I’d like to return, for a bit, to Boon Manakitivipart’s visit to Japan this past fall. Among his photos were a handful from a familiar garden, that of Mr. Okamoto in Central Japan. Okamoto is among the top bonsai professionals in the area. Over the years he has produced and worked on many famous trees and his garden is among my favorites in Japan.
The garden is laid out like a nursery – the conifers share conifer benches and the deciduous varieties share deciduous benches. Such organization is rare in the Japanese bonsai gardens I’ve visited. It’s also rare to see such a broad variety of trees in a single garden. Okamoto produces beautiful specimens of many varieties, and the photos here offer but a sample of his collection. Thanks go to Boon for the photos.
A few of the photos document a grafting technique that’s new to me. The grafting bags are left open but are filled with moss to preserve moisture around the scion. Based on the healthy scion growth, the technique appears to work well with white pine.
Scion wrapped in moss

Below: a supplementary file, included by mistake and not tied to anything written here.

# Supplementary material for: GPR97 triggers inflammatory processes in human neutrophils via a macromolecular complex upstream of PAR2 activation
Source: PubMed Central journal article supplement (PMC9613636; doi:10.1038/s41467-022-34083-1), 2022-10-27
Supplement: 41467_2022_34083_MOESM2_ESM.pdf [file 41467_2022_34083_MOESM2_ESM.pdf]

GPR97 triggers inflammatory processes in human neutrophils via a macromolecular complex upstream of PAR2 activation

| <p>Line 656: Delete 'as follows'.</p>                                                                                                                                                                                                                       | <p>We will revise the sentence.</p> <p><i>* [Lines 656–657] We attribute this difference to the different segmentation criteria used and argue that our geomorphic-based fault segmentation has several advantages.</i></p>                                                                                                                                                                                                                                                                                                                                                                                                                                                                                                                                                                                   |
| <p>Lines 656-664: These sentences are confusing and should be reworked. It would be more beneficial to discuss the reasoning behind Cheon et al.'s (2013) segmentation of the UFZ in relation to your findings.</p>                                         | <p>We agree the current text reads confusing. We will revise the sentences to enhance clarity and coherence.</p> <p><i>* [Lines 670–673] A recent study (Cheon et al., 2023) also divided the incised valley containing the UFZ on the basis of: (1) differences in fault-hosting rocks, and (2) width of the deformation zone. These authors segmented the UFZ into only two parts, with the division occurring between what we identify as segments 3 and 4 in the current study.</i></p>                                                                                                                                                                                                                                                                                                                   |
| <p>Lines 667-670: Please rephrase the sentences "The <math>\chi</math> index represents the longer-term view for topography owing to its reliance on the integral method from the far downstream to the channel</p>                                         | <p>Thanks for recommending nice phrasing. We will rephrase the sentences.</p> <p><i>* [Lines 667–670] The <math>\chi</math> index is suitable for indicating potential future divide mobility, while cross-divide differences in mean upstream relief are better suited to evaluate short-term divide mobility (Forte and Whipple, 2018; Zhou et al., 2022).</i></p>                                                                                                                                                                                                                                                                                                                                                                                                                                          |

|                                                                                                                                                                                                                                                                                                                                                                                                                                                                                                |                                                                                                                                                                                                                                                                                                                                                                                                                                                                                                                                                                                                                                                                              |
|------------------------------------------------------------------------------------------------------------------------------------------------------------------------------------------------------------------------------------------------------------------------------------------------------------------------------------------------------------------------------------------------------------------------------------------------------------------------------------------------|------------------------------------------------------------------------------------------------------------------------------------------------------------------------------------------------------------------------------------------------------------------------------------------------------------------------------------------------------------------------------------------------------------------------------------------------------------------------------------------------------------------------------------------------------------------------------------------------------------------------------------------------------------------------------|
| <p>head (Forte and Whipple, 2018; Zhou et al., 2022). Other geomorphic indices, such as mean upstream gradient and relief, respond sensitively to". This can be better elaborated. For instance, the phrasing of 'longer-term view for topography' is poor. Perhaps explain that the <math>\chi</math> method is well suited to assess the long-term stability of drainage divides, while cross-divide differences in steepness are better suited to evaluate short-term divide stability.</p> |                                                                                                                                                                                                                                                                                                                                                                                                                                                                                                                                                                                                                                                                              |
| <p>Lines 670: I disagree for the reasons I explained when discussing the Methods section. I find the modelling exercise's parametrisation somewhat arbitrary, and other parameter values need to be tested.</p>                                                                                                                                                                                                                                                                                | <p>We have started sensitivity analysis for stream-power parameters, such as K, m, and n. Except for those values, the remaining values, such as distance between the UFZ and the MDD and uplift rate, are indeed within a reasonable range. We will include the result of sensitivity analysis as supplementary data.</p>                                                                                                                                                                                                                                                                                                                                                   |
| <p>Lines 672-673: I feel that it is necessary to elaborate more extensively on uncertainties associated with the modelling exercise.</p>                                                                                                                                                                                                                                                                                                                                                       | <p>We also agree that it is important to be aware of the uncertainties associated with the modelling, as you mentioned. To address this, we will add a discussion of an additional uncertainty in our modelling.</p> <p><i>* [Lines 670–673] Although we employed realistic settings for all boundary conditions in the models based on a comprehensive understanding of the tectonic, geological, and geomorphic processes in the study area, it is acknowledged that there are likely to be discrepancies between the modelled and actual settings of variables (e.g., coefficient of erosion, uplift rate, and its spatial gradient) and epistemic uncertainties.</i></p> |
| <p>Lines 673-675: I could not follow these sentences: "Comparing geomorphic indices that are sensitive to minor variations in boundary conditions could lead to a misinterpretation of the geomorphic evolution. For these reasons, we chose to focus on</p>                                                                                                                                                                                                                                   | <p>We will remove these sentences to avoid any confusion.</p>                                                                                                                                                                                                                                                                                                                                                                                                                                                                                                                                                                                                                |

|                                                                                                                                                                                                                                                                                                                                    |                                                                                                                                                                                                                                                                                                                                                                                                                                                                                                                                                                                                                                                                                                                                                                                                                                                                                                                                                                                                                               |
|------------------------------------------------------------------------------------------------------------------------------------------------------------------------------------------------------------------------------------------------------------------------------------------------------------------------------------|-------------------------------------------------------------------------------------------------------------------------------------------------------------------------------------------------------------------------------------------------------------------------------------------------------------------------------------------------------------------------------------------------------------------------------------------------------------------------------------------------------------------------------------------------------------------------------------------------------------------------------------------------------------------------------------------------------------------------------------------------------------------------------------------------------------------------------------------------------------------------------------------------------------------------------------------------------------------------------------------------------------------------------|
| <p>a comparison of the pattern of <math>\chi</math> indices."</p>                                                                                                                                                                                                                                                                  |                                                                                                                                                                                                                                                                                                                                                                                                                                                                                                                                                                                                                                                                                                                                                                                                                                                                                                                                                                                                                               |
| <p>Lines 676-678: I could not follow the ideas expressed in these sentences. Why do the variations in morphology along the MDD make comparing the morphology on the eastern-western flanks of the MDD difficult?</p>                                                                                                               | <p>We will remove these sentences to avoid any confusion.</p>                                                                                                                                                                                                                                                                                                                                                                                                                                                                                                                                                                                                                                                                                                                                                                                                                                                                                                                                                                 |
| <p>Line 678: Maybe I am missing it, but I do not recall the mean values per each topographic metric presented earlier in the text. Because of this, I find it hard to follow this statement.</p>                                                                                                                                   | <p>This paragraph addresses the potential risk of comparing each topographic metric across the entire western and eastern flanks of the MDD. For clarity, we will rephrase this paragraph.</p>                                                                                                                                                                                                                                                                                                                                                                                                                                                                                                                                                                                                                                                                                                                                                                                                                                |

Scion in open bag with moss
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Beautiful photos. The rain really helps showoff the color and texture of the trees. Thanks for sharing. I was particularly taken with the exquisite Gardenias and am wondering if you have any insight regarding Fuchsia as bonsai. I have a fondness for flowering trees and am experimenting with an old Fuchsia I collected last year. The shrub was in the ground for over 25 years and has incredible exposed cane like roots and a trunk that make for a pretty interesting shape / structure. My biggest challenge is going to be the wiring and training of the new growth, as it’s very tender and brittle. Any suggestions or tips when training? Thanks again.
Jonas Dupuich says
Good question about using fuchsia for bonsai. I think you’re right that the general tenderness could make it tricky, but if there’s a good trunk to start with, it could make for a fun tree. If the shoots are too brittle for wiring, clip-and-grow may be the best bet.